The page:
Beethoven Harp String Quartet Chiaroscuro BIS2668SACD

Ludwig van Beethoven (1770-1827)
String Quartet No 10 in E-flat, ‘Harp’, Op 74 (1810)
String Quartet No 13 in B-flat, Op 130 (1825-1826)
Chiaroscuro Quartet
rec. 2022, Wyastone Concert Hall, Monmouth UK
BIS BIS2668 SACD [71]

This SACD includes an interesting pairing of quartets by Beethoven: one from the height of his powers in his middle period, and one of the last quartets, written shortly before his death, when his deafness was nearing totality. The Chiaroscuro Quartet is very much up to the challenge of performing these often difficult works.

The Harp Quartet is frankly excellent in this recording. In the first movement, the tremolos that often dissolve into mush are crystal clear. The “Harp” nickname is derived from the pizzicato handoffs between the violins and between the violin and cello. Here, these handoffs are completely seamless, as they should be. The Allegro of the first movement is taken at a reasonable pace, and not as breakneck as can be heard on some recordings. It’s plenty fast as it is.

The shifting harmonies of the second movement come through beautifully, with delicate phrasing that propels the notes forward. The first violinist, Alina Ibragimova, in particular demonstrates amazing control over the instrument, sometimes nearly vanishing into nothingness. Similar control is on display by all four members in the ferocious Presto of the third movement, which moves so fast I could barely follow the score. Again, it’s very difficult to play so fast, yet keep the sound on the edge of audibility, but the Chiaroscuro Quartet manages it with aplomb, both here and in the 6th variation of the Finale.

The fourth movement is devoted to an Allegretto con Variazioni. I could have done with a bit more staccato in the first variation, in order to heighten the contrast with the second variation. But this is only a niggle. Overall, the variations are allowed their own character without losing sight of the unity. The Quartetto Italiano’s classic recording (Philips 4540622) makes a good comparison point; Chiaroscuro Quartet takes the first movement a bit more relaxed, and the third movement is over half a minute faster here. The tempi are similar to those of the Tokyo String Quartet (RCA LC 00316), but they do not come close to managing the combination of speed and quiet that is heard on this disc. This is a lovely rendition of the Op 74 quartet.

The situation is a little less happy with the Op 130 quartet. This was one of three string quartets that had been commissioned by Russian Prince Nikolai Galitzin back in 1822, and it took Beethoven several years to get around to them. One must say though that the Ninth Symphony was an adequate excuse, and the Prince never pressed Beethoven. He likely had inside information from Beethoven’s former unpaid assistant Franz Oliva, who was then living in St. Petersburg, about how best to approach the composer to get the desired results.

Once again, the first movement Allegro here is quite relaxed. But for some reason, the Chiaroscuro Quartet disregards Beethoven’s numerous marked sforzandi, depriving the movement of much of its impact and excitement. That’s fairly disappointing and I found myself desperately missing the scorching sforzandi, especially on the high F, such as is heard in the Tokyo and Yale String Quartet (Vanguard ATM-CD-1205) recordings of the work. I double-checked the autograph manuscript just to make certain, and those markings are plainly present, so I’m rather at a loss to explain their omission here.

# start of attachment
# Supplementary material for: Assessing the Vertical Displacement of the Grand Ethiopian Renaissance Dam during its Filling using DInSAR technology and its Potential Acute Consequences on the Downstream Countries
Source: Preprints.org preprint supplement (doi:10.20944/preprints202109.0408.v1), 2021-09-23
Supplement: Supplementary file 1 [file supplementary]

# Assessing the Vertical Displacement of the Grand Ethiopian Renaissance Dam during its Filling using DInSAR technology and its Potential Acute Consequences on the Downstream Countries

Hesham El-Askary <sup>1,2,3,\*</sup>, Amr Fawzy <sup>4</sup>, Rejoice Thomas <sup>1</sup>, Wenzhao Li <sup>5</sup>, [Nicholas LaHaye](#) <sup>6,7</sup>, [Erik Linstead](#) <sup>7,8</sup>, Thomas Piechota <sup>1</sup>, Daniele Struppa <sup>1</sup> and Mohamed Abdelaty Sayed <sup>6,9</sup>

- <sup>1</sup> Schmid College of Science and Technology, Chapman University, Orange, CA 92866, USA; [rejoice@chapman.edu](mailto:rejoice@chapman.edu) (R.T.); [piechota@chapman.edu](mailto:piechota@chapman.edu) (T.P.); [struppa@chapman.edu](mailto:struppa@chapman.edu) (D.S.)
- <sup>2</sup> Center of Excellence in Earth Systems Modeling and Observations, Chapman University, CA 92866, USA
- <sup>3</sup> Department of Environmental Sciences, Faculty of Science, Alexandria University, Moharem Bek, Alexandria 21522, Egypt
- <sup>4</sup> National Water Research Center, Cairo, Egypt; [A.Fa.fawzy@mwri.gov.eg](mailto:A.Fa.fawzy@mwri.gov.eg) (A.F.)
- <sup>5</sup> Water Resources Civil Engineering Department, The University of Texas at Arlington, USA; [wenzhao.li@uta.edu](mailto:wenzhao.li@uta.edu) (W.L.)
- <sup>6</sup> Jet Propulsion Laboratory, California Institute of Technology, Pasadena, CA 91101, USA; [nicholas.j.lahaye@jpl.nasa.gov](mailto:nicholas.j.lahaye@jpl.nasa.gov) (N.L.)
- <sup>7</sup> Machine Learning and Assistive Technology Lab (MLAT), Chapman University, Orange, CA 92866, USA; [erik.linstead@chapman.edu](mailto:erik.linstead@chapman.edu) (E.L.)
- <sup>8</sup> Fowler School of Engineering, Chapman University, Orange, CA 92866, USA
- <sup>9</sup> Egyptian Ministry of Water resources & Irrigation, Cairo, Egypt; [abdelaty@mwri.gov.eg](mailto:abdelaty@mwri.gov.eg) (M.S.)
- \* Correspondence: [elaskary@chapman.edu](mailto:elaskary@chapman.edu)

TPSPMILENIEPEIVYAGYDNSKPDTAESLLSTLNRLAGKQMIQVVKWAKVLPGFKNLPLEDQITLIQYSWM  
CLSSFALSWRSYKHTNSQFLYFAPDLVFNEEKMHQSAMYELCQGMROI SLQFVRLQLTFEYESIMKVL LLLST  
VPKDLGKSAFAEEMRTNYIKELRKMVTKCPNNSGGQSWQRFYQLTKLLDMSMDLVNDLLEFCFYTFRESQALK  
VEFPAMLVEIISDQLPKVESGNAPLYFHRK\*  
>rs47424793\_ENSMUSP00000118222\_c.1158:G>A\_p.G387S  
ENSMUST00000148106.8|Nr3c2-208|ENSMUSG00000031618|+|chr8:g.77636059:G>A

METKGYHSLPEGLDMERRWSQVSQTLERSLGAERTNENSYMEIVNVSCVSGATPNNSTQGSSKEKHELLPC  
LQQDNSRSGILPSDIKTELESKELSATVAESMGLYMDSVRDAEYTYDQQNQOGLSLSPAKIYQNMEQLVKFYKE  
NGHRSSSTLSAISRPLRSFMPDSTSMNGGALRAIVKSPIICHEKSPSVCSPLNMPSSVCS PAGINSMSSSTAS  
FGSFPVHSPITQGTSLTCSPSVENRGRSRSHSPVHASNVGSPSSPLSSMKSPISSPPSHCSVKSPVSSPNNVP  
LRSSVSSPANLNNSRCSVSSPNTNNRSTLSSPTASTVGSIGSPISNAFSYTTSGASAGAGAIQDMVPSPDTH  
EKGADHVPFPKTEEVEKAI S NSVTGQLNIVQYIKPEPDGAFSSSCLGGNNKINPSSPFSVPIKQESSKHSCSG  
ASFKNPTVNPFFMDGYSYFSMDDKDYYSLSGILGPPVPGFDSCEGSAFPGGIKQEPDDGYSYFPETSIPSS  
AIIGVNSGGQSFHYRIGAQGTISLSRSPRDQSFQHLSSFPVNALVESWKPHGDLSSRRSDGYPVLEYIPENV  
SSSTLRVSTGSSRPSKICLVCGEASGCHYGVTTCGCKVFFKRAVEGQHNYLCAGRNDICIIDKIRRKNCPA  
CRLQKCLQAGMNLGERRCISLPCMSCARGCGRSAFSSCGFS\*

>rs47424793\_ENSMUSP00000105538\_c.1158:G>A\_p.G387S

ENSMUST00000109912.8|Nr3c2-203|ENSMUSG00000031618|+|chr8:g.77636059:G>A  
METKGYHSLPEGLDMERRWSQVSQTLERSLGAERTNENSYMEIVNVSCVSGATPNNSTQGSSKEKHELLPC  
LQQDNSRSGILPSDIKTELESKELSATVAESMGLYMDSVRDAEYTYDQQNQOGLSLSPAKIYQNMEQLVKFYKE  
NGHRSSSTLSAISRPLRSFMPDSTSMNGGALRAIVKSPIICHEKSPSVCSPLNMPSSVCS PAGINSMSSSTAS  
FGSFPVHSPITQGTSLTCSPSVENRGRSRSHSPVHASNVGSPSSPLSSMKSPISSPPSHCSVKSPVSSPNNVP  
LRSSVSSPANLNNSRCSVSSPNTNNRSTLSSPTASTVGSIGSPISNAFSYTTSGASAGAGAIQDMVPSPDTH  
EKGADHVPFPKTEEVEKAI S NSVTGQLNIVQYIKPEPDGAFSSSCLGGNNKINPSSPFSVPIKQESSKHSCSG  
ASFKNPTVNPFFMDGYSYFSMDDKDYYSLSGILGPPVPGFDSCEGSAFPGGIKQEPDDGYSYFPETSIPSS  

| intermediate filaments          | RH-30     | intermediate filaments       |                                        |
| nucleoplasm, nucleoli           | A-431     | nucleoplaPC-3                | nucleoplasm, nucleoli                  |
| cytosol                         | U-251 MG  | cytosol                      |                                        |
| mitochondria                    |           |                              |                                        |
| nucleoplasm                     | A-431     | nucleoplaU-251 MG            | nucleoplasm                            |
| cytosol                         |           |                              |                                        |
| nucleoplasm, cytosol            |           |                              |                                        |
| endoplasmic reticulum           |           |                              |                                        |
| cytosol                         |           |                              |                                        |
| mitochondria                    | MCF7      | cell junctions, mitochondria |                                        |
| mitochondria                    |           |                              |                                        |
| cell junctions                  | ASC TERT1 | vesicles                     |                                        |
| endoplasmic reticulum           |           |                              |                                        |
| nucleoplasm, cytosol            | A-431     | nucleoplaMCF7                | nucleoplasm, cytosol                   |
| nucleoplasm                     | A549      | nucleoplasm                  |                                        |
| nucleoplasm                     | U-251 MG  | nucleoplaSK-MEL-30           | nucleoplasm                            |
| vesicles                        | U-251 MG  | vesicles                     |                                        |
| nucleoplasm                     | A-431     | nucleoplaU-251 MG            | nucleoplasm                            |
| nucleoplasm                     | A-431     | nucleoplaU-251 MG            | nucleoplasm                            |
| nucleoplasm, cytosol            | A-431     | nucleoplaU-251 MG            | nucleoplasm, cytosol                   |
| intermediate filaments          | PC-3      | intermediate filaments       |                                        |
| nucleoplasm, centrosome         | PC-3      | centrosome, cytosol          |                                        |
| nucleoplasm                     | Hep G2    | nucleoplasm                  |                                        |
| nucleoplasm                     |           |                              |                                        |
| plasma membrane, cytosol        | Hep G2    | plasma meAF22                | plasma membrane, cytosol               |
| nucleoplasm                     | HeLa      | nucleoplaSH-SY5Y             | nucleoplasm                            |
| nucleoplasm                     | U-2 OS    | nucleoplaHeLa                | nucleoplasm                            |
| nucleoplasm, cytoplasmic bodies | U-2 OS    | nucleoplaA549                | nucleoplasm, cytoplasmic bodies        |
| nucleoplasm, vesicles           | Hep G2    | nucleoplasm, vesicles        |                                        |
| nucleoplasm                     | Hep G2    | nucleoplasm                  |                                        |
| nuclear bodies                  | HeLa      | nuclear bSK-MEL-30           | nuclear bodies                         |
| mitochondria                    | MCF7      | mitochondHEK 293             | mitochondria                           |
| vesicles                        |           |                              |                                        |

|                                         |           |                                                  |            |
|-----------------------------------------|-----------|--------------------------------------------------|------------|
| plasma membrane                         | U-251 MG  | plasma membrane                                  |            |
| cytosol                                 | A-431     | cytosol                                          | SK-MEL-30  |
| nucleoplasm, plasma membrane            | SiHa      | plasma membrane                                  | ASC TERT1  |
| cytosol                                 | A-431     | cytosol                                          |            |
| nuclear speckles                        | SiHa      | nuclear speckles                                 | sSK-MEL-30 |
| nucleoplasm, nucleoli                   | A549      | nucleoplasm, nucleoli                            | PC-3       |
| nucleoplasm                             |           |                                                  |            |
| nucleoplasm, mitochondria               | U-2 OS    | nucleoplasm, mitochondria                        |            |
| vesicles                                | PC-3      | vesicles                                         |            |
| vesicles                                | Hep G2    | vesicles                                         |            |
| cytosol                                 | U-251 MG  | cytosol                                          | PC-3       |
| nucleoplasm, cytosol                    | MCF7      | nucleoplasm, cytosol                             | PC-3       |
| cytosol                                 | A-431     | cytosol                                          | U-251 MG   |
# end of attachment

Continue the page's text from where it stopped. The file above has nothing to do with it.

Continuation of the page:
That omission is emphasized by the fact that there are plenty of sforzandos to be heard in the second movement on this recording. Once again, the players demonstrate a wonderful ability to play quietly and fast, as the middle movements are all up to the standard set in the Harp Quartet. The third movement offers nice delicacy, served up in a smooth blend. One would be hard-pressed to find a sweeter fourth movement Tedesca , and the fifth movement Cavatina is unsurprisingly quite lovely as well.

Control turns into repression again in the Finale, where there is a lack of impact even though the tempo is brisker than some, such as the La Salle Quartet (DG 431 141-2) or Tokyo on RCA. There just isn’t enough oomph behind the forte and the fortissimo to make it very convincing as a conclusion to this sprawling work.

Beethoven famously intended the Grosse Fuge to serve as the Finale for this quartet, but was convinced that it was too long and complicated and would serve better standing on its own. The Finale that replaced it was inserted not long before the composer’s death. Although many recordings of Op 130 regularly include the Grosse Fuge, Op 133, allowing one to program the original ending of the quartet, it’s not present here.

Prince Galitzin was a cellist, and Beethoven made sure to provide plenty of interesting material for the lowest voice, all of which is well handled by Claire Thirion. Every one of Beethoven’s indicated repeats are observed, which is certainly welcome.

The recording is up to the usual extremely high standards set by BIS. The sound is free of noise and hiss, and there is extreme clarity throughout, which helps support the fast/quiet combination of the Chiaroscuro Quartet that makes many of the movements on this disc so revealing and rewarding. There is no dynamic compression either, which again makes transparent the skill and control of the musicians.

While this will rank among my top recordings of the Harp Quartet, the ineffective outer movements of the Op 130 quartet are less gratifying, even though the four middle movements are excellent.

Mark S. Zimmer

Mark S. Zimmer is the Project Director of The Unheard Beethoven, a website devoted to the unpublished and unrecorded works of Ludwig van Beethoven, and is the author of the Beethoven 200 Years Ago Today feature found on that site.

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